Mighty Sears is No More


“Let’s celebrate! Put on your Sunday best. We’re going to Sears!”
Mike Brady (actor Robert Reed), dad on the sitcom The Brady Bunch

I still remember our Mom taking us to the Sears store on East 10th Street in Sioux Falls, SD. It was back in the days of Ozzie and Harriett and Wally and the Beaver. We went shopping there for clothes, sheets and towels, and other of life’s essentials, but we got to look at the toys, too.

Our Mother, Marge, had only two hands (a lot of times as a single Mom, it seemed like she had more), so given there were three of us pests, one got to roam free like a loose puppy in a store full of bones. It was usually our sister, Carol, because Mom liked her best.

The Sioux Falls Sears store was a giant place, far from home in the North end of town. The ceilings went up to the sky and the aisles were wide and endless. People smiled and there was always a friendly Ajax-clean motherly clerk in a dress or a fatherly type in a razor-thin tie around every corner to show you the goods, and ring up your cash or check.

Need a hammer? Craftsman. Need a washer? Kenmore. Need some jeans? Levi’s. Need a new TV in a mahogany cabinet? Yeah, but can’t afford it.

Sears was the place to go and the place to be, better than JC Penney’s or Lewis Drug
or the Sunshine grocery store.

Sears was the crown jewel of family retail. It was an institution, a large mirror, reflecting Midwestern lifestyles, society and the culture of the times, orderly, disciplined, civic, and civil. The citizens of Sioux Falls, then about 60,000, and the largest population in three states, were hard working sorts at the Morrell meat packing plant or on farms; others were tradesmen or teachers like Marge.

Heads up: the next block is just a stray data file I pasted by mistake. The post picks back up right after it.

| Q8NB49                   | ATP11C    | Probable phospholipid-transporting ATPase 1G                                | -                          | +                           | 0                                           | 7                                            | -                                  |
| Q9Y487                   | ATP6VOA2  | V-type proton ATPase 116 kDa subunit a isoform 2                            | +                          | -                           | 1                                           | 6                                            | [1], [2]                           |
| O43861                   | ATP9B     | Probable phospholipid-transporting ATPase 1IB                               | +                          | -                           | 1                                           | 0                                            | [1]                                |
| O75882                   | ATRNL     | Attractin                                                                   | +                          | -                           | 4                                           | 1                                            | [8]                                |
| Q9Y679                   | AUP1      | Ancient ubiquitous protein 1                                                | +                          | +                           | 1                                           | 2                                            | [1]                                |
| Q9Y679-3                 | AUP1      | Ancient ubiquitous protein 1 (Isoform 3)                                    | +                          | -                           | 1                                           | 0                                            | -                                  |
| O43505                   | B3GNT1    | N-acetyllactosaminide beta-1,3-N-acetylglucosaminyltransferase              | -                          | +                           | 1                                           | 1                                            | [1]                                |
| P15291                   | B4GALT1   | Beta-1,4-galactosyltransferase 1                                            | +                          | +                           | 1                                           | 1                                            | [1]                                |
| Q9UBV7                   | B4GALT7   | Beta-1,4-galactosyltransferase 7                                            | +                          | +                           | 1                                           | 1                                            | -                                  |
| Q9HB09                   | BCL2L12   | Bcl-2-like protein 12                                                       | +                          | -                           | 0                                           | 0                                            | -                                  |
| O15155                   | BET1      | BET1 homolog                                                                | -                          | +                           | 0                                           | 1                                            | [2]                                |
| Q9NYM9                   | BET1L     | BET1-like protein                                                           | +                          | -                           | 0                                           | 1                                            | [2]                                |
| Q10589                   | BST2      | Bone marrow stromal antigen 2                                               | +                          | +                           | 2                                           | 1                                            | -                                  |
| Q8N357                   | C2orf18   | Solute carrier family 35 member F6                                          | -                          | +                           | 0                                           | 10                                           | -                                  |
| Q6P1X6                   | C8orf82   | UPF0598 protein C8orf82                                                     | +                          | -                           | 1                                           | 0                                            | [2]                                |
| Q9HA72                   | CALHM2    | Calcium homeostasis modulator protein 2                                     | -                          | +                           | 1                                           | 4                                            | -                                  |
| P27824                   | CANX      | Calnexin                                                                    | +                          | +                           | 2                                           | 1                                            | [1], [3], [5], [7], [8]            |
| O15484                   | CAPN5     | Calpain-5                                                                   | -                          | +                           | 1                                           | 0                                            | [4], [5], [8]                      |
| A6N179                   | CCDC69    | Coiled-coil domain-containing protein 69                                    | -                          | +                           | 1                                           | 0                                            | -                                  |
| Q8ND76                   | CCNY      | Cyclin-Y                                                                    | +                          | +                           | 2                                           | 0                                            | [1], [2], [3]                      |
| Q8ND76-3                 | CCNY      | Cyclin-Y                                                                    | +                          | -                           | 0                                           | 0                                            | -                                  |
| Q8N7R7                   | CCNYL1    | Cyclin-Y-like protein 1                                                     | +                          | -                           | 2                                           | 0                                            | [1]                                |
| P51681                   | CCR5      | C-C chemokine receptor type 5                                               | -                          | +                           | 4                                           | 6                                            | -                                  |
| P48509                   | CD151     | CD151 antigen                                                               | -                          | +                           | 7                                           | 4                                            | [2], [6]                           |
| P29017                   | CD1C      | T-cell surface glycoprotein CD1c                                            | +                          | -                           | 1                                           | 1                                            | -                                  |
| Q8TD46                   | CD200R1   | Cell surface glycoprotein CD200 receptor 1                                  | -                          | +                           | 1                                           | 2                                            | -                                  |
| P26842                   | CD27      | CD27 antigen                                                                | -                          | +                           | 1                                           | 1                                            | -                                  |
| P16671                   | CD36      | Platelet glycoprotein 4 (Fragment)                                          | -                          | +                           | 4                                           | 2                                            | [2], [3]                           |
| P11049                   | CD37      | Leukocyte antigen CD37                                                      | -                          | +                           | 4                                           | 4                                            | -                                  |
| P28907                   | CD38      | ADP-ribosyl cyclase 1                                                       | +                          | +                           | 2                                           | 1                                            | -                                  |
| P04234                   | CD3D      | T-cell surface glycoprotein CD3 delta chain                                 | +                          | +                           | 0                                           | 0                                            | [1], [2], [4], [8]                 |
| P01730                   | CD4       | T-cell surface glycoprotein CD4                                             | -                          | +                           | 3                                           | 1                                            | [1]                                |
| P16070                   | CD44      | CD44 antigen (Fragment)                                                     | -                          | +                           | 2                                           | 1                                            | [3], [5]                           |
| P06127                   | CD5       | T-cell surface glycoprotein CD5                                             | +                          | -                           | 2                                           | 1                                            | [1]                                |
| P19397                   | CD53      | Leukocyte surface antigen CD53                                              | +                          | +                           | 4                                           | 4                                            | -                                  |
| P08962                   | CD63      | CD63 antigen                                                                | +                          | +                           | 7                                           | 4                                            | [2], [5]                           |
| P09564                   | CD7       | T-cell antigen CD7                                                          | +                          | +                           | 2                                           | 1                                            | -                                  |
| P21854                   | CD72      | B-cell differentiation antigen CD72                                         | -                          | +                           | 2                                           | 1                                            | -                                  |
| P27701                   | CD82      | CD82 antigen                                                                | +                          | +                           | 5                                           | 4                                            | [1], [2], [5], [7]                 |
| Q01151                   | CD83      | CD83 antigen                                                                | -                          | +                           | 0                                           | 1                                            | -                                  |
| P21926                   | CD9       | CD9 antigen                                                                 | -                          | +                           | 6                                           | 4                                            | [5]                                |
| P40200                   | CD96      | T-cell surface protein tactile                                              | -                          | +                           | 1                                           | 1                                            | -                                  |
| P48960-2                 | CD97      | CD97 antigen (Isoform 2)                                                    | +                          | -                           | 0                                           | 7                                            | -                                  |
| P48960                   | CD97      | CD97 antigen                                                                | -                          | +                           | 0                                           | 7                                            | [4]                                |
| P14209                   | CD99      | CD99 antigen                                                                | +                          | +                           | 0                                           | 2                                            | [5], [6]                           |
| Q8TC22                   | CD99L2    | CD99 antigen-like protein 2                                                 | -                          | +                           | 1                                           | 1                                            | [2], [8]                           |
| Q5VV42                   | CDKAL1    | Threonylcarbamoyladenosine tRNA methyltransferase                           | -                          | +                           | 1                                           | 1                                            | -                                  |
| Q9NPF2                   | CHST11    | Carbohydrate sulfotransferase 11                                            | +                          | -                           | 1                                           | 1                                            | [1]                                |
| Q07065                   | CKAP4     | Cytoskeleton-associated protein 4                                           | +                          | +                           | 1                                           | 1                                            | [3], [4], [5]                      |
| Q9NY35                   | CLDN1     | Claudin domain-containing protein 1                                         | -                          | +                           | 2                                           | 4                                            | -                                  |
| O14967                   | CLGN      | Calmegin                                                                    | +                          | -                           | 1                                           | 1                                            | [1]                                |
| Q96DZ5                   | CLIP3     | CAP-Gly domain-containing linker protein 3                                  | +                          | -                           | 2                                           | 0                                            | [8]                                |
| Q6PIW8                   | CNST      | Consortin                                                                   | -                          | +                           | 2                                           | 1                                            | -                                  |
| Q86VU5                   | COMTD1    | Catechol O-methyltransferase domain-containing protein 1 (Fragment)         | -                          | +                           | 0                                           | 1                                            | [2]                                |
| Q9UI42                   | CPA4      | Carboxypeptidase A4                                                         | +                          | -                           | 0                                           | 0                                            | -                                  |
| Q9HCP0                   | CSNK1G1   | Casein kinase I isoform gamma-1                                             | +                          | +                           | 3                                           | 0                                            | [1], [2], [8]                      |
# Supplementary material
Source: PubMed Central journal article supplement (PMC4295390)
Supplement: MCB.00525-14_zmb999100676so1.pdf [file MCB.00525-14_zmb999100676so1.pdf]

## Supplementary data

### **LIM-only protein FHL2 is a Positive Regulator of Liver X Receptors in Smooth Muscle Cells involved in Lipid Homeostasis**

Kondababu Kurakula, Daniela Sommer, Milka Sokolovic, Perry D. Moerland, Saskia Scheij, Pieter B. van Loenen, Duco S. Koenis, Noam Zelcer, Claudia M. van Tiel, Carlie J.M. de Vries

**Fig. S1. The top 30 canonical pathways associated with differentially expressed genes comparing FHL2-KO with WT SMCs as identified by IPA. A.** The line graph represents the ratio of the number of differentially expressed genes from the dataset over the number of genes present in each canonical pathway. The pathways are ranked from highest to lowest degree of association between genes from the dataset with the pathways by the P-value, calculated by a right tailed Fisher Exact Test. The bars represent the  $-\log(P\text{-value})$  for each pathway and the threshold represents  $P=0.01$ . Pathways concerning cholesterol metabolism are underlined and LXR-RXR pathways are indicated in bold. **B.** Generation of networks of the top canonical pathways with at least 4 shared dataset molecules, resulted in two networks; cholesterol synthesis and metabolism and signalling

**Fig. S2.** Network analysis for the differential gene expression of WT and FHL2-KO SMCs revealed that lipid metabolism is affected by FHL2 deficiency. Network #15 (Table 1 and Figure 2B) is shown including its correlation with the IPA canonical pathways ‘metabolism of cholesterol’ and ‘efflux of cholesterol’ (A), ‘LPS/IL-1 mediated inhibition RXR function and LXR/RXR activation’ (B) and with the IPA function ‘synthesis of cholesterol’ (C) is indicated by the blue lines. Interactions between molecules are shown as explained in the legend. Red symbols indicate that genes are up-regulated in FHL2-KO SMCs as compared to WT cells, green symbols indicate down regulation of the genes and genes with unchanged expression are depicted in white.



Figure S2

We looked up to bankers, doctors, and lawyers. That was especially true for my brother and me. Gary and I carried their golf bags at Minnehaha Country Club. On a good weekend day, we each could take home anywhere from $3-$6, depending on tips, how much we blew on Coke and peanuts, and how much we won or lost playing pitch in the basement of the pro shop. They were our bread basket.

Still, the station in life didn’t matter. It seemed like everyone shopped at Sears or thumbed through the famous Sears catalog, from which you could buy everything from a screwdriver to a car, a baby buggy to a bicycle, and even a two-story pre-fab home. Sears homes are still around. There is one on Cheverly Avenue in Cheverly, MD, my former neighborhood after moving East.

Sears and Roebuck, headquartered in Chicago, was started as just a watch and jewelry catalog store by Richard Sears, from Spring Valley, MN and Alvah Roebuck, of Fayetteville, IN. Alvah’s share went to Julius Rosenwald of Chicago, IL a few years later. He in turn would turn Sears into the giant of the times.